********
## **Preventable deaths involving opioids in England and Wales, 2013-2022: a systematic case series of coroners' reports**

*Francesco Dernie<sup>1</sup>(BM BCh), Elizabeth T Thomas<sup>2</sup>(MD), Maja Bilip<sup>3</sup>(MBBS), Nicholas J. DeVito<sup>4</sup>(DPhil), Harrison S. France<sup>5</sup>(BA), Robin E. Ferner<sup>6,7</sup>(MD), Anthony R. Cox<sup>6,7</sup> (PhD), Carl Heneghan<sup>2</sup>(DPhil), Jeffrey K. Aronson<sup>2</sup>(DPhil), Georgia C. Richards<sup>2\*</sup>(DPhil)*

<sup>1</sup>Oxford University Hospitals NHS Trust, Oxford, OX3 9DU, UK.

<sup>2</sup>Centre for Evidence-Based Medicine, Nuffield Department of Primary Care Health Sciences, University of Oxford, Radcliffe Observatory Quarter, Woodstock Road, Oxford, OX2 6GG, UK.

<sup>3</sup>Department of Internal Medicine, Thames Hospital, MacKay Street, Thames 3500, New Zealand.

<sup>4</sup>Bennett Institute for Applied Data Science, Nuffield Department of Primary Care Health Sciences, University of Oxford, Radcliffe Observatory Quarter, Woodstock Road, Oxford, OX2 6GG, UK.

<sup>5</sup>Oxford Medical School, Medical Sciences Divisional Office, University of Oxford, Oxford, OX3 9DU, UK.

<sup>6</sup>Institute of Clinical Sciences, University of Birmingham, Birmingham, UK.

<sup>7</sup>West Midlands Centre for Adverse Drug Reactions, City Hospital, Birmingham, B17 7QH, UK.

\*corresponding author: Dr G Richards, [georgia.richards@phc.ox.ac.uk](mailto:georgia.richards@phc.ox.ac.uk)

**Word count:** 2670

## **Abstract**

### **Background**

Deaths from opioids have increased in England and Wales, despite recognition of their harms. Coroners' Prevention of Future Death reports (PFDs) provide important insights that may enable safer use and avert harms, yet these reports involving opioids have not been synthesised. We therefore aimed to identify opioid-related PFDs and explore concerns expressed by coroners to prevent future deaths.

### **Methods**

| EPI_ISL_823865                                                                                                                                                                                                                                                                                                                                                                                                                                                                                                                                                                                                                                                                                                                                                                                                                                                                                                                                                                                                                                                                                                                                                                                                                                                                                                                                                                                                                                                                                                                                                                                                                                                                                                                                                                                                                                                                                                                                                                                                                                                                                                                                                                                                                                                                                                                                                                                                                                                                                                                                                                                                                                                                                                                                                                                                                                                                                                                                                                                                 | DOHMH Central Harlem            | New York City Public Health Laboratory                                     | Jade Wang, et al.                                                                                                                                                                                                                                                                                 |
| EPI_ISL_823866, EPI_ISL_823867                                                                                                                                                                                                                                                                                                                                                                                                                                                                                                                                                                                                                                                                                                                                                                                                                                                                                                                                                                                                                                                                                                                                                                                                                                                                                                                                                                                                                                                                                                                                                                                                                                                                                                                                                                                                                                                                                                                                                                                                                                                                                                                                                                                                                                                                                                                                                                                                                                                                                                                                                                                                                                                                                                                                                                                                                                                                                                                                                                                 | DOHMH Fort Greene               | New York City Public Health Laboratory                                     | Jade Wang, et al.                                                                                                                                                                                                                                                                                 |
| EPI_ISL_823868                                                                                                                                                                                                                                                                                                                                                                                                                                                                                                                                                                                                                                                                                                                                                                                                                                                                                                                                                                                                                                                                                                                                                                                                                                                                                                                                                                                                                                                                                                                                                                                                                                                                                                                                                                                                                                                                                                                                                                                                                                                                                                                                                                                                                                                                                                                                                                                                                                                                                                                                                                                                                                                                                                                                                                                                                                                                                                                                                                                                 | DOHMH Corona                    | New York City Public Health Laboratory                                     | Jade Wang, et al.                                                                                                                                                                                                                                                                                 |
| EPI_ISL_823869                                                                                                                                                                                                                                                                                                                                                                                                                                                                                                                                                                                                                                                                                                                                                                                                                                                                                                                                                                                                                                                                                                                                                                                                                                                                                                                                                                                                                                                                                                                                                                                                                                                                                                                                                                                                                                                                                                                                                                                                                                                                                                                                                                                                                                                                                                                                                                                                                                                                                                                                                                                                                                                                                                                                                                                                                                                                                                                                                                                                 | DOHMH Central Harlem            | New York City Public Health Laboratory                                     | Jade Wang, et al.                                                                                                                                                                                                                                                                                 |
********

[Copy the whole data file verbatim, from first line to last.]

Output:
## **Preventable deaths involving opioids in England and Wales, 2013-2022: a systematic case series of coroners' reports**

*Francesco Dernie<sup>1</sup>(BM BCh), Elizabeth T Thomas<sup>2</sup>(MD), Maja Bilip<sup>3</sup>(MBBS), Nicholas J. DeVito<sup>4</sup>(DPhil), Harrison S. France<sup>5</sup>(BA), Robin E. Ferner<sup>6,7</sup>(MD), Anthony R. Cox<sup>6,7</sup> (PhD), Carl Heneghan<sup>2</sup>(DPhil), Jeffrey K. Aronson<sup>2</sup>(DPhil), Georgia C. Richards<sup>2\*</sup>(DPhil)*

<sup>1</sup>Oxford University Hospitals NHS Trust, Oxford, OX3 9DU, UK.

<sup>2</sup>Centre for Evidence-Based Medicine, Nuffield Department of Primary Care Health Sciences, University of Oxford, Radcliffe Observatory Quarter, Woodstock Road, Oxford, OX2 6GG, UK.

<sup>3</sup>Department of Internal Medicine, Thames Hospital, MacKay Street, Thames 3500, New Zealand.

<sup>4</sup>Bennett Institute for Applied Data Science, Nuffield Department of Primary Care Health Sciences, University of Oxford, Radcliffe Observatory Quarter, Woodstock Road, Oxford, OX2 6GG, UK.

<sup>5</sup>Oxford Medical School, Medical Sciences Divisional Office, University of Oxford, Oxford, OX3 9DU, UK.

<sup>6</sup>Institute of Clinical Sciences, University of Birmingham, Birmingham, UK.

<sup>7</sup>West Midlands Centre for Adverse Drug Reactions, City Hospital, Birmingham, B17 7QH, UK.

\*corresponding author: Dr G Richards, [georgia.richards@phc.ox.ac.uk](mailto:georgia.richards@phc.ox.ac.uk)

**Word count:** 2670

## **Abstract**

### **Background**

Deaths from opioids have increased in England and Wales, despite recognition of their harms. Coroners' Prevention of Future Death reports (PFDs) provide important insights that may enable safer use and avert harms, yet these reports involving opioids have not been synthesised. We therefore aimed to identify opioid-related PFDs and explore concerns expressed by coroners to prevent future deaths.

### **Methods**

| EPI_ISL_823865                                                                                                                                                                                                                                                                                                                                                                                                                                                                                                                                                                                                                                                                                                                                                                                                                                                                                                                                                                                                                                                                                                                                                                                                                                                                                                                                                                                                                                                                                                                                                                                                                                                                                                                                                                                                                                                                                                                                                                                                                                                                                                                                                                                                                                                                                                                                                                                                                                                                                                                                                                                                                                                                                                                                                                                                                                                                                                                                                                                                 | DOHMH Central Harlem            | New York City Public Health Laboratory                                     | Jade Wang, et al.                                                                                                                                                                                                                                                                                 |
| EPI_ISL_823866, EPI_ISL_823867                                                                                                                                                                                                                                                                                                                                                                                                                                                                                                                                                                                                                                                                                                                                                                                                                                                                                                                                                                                                                                                                                                                                                                                                                                                                                                                                                                                                                                                                                                                                                                                                                                                                                                                                                                                                                                                                                                                                                                                                                                                                                                                                                                                                                                                                                                                                                                                                                                                                                                                                                                                                                                                                                                                                                                                                                                                                                                                                                                                 | DOHMH Fort Greene               | New York City Public Health Laboratory                                     | Jade Wang, et al.                                                                                                                                                                                                                                                                                 |
| EPI_ISL_823868                                                                                                                                                                                                                                                                                                                                                                                                                                                                                                                                                                                                                                                                                                                                                                                                                                                                                                                                                                                                                                                                                                                                                                                                                                                                                                                                                                                                                                                                                                                                                                                                                                                                                                                                                                                                                                                                                                                                                                                                                                                                                                                                                                                                                                                                                                                                                                                                                                                                                                                                                                                                                                                                                                                                                                                                                                                                                                                                                                                                 | DOHMH Corona                    | New York City Public Health Laboratory                                     | Jade Wang, et al.                                                                                                                                                                                                                                                                                 |
| EPI_ISL_823869                                                                                                                                                                                                                                                                                                                                                                                                                                                                                                                                                                                                                                                                                                                                                                                                                                                                                                                                                                                                                                                                                                                                                                                                                                                                                                                                                                                                                                                                                                                                                                                                                                                                                                                                                                                                                                                                                                                                                                                                                                                                                                                                                                                                                                                                                                                                                                                                                                                                                                                                                                                                                                                                                                                                                                                                                                                                                                                                                                                                 | DOHMH Central Harlem            | New York City Public Health Laboratory                                     | Jade Wang, et al.                                                                                                                                                                                                                                                                                 |